I read The Hunger Games for a couple of reasons: pop culture relevance and simple curiosity. I wanted to get it read prior to the release of the film, too. The book is simple and incredibly melodramatic, but it’s also surprisingly engrossing and the characters are quite well rendered. It feels like a hundred other genre all-ages books I’ve read and it also lacks a central voice, other than the fact that “bad people suck,” to quote a friend. The classic genre films and books of this type had something to say deeper, and at least to the author, more important than just the adventures of so and so.
What this book and film has is a well-developed and interesting female hero in Katniss Everdeen. She’s strong and imperfect, but a good role model for young girls, unlike a certain vampire lover we all know too well. Now a good role model for young girls isn’t a requirement for me to like a book or movie, but if kids are going to grab onto this story, at least the hero is worth their time.
So, both The Hunger Games book and film are good pieces of entertainment. This book is like a sci-fi opera, not space opera because well, we aren’t in space. The set-up of the world in the book is quite vivid and is offered the opportunity for filmmakers to craft a unique visual experience. The good news is that visual experience is a true success and not necessarily in the way you’d think. The costumes and sets are a mix of art deco and a sort of retro 80’s look to the characters. The bulk of the film is shot in a forest, which, no matter how you cut it, isn’t going to look futuristic. The filmmakers could have created a ton of alien creatures and Dr. Seuss-looking trees, but fortunately they didn’t go there.
Instead, the overall shooting style is a visual feast and ends up being an emotional tool for the director. At first, the camera is spastic and shaky, especially when Katniss first hits the stage when she is introduced to the world for an interview to talk all things Hunger Games. As she becomes more confident so too does the camera work, more steady and focused. The whole feel of the cinematography really tells the tale well. There’s one extremely moving scene in particular where the camera moves to the skewed perspective of a victim and it is absolutely moving and gorgeous. It’s not too surprising that the film is gorgeous to look at when you consider that it comes from the cinematographer that previously brought us Mystic River, Billion Dollar Baby, and American Beauty. This movie was Lionsgate’s biggest gamble, yet being the most expensive film the studio has made and followed by one of the studio’s most expensive marketing campaigns. As everyone knows now, it paid off for them.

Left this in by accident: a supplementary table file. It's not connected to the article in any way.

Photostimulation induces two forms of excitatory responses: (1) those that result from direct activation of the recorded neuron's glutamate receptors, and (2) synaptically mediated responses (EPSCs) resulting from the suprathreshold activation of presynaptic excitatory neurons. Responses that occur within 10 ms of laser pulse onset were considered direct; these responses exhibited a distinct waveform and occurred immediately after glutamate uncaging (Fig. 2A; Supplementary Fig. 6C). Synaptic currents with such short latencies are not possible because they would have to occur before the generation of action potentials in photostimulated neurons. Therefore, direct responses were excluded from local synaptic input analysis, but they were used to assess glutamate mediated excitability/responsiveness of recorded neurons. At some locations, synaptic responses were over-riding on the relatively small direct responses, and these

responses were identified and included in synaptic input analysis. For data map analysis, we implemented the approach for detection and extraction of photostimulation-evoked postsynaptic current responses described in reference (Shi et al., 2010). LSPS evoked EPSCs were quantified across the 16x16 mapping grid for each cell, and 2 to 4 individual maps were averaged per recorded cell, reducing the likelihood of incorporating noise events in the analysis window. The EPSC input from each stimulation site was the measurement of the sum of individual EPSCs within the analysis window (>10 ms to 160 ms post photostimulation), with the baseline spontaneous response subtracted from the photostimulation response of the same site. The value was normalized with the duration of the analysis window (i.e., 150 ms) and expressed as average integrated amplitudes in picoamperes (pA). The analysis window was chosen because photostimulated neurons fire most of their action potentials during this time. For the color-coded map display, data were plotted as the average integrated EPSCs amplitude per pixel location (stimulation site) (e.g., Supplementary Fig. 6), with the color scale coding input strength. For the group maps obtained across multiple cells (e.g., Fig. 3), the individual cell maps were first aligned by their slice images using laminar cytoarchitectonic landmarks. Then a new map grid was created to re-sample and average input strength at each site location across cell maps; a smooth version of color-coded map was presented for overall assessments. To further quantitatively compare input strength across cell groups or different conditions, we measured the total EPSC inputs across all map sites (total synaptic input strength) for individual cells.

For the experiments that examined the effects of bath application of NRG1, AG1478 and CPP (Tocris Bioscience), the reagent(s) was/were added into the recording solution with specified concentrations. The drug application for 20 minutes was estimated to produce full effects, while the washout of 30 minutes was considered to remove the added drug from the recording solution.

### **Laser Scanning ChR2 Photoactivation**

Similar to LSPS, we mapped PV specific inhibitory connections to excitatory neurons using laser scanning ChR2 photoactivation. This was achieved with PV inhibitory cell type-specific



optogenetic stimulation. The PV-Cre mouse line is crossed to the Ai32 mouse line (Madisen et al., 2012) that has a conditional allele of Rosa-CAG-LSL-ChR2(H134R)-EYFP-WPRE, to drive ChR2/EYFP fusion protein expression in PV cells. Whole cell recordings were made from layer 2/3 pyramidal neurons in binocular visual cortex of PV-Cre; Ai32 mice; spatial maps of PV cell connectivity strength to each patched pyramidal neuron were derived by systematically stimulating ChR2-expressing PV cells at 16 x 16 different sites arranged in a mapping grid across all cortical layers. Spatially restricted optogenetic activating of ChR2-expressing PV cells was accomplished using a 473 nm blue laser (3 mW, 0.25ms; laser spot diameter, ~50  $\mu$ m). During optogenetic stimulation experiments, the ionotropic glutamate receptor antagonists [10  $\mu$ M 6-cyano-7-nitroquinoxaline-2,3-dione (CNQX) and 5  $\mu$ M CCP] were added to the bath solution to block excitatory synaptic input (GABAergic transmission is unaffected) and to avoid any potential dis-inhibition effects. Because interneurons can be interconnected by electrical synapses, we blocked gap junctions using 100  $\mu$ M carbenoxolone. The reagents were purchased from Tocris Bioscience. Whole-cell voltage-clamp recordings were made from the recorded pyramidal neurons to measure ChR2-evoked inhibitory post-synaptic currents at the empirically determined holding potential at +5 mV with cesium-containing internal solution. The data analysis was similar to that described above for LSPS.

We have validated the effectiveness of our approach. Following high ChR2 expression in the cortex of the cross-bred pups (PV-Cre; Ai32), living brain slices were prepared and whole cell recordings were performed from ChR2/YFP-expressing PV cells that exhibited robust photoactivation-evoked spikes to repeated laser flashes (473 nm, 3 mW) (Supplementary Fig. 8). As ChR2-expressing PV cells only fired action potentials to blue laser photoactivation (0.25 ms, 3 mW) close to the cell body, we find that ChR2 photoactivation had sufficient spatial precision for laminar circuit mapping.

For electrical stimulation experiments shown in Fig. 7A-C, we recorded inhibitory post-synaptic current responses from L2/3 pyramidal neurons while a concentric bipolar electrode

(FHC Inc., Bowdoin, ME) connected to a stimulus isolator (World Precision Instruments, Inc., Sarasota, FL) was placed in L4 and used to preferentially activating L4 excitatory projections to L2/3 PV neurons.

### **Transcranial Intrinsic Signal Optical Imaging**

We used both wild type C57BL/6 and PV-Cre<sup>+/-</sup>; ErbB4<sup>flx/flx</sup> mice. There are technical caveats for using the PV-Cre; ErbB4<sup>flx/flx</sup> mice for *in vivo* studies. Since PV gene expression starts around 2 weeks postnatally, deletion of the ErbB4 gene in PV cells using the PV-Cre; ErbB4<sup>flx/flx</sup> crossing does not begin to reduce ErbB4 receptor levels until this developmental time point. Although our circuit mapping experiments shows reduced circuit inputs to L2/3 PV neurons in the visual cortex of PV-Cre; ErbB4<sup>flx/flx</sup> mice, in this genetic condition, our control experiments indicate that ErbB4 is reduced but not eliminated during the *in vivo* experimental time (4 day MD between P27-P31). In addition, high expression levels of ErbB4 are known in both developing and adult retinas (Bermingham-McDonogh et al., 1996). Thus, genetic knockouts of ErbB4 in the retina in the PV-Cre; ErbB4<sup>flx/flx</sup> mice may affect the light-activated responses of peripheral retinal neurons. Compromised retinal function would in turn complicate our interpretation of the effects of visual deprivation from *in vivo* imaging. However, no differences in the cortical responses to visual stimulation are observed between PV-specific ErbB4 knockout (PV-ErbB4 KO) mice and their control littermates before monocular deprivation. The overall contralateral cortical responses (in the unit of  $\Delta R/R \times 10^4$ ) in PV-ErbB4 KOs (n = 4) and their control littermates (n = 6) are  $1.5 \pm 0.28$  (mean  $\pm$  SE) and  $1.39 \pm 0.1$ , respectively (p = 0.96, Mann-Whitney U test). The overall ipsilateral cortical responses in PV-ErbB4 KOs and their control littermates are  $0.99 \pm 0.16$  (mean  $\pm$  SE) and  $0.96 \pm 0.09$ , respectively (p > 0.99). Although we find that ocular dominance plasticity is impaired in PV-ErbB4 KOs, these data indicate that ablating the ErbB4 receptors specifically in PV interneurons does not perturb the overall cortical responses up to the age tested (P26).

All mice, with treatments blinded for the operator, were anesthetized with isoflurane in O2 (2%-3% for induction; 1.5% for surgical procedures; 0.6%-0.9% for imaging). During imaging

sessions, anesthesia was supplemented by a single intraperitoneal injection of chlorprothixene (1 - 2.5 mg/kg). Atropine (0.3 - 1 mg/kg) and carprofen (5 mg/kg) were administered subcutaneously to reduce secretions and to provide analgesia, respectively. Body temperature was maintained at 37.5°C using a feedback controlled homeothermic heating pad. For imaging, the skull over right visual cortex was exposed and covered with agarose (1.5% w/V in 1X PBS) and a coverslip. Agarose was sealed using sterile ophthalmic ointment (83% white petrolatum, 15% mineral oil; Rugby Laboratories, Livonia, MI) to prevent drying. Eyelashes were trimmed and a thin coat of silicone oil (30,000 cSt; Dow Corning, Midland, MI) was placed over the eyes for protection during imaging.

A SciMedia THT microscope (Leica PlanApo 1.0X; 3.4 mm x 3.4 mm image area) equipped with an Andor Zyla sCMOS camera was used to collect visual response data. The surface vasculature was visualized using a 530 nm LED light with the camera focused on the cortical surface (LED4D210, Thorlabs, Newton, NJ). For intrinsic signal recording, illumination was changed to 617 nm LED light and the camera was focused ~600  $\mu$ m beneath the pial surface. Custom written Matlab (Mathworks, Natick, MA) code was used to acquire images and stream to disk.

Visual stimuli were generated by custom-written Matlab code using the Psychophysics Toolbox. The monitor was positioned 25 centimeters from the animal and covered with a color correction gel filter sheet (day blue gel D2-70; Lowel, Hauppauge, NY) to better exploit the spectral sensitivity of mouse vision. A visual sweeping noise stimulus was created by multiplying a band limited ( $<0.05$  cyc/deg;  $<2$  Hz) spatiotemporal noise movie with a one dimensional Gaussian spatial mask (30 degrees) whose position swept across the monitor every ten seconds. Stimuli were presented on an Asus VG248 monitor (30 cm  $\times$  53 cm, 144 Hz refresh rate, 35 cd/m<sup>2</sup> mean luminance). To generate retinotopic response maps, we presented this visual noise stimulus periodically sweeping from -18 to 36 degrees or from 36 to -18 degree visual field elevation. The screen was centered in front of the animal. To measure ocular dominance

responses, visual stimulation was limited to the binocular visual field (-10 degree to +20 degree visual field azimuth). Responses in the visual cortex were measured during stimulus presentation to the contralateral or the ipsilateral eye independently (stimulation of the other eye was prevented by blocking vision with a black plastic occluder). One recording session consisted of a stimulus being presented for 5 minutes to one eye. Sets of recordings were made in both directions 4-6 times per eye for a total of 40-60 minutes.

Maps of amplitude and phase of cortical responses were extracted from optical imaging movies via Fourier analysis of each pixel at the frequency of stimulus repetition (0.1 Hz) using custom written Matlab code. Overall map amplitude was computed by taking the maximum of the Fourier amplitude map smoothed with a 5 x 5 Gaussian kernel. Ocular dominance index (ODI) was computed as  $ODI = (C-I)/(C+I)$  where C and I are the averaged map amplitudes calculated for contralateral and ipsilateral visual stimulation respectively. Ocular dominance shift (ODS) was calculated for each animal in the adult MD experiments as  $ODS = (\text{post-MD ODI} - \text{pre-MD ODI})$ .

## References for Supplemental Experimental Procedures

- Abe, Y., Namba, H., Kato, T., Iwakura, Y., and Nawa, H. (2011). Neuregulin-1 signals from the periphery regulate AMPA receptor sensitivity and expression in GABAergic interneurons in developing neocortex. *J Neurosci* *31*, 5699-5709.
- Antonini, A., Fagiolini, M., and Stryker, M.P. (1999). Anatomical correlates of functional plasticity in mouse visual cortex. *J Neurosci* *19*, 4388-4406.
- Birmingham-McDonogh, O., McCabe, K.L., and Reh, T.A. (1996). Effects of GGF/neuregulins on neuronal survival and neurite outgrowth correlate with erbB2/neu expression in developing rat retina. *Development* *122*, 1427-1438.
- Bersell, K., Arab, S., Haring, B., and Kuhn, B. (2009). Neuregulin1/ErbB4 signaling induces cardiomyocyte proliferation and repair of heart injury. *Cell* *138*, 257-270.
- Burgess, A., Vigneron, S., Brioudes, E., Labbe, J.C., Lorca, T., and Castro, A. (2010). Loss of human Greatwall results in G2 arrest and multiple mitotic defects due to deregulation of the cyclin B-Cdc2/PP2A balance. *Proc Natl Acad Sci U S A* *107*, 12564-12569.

From the perspective of someone who has read the book there are many parts of the film that feel paint-by-numbers to the book. These sequences are often left pretty vague in the film as if the filmmakers assumed that everyone watching has read the book. My friend who hasn’t read the book loved the vagueness of the scenes. He felt that it was pretty gutsy of the filmmakers to leave these parts of the story open for interpretation and actually he’s right. Fans of the book may also be disappointed that some extremely important story threads and character elements were completely left out. The film is nearly two and a half hours long already, so obviously some things needed to be cut.
From here on out be warned there may be spoilers, in fact, there will be.
One of the most interesting and successful aspects of the book is the question of who’s side Peeta is really on. There is a predictable nature to the story, but still there are a few points in the book where it’s just not clear who this kid really is. In the film, either the filmmakers were incapable of accomplishing this mystery or their overbearing need to make Peeta a hero kept them from developing this part of the novel. Also, Peeta comes off a little too one dimensional in the film compared to the book.
Obviously the book is substantially better than the film, but considering all of the pressures of making a mainstream friendly film and getting the entire story crushed into less than two and a half hours I have to say the filmmakers did an admirable job. Both are good, better than they honestly should be, and there’s no doubt that they’ve made an indelible impact on popular culture on the same level as Harry Potter and Twilight. It doesn’t hurt that the story in at least the first book of the Hunger Games trilogy is better than one of the previously mentioned pop culture icons. I’ll let you decide which of the two I’m referring to.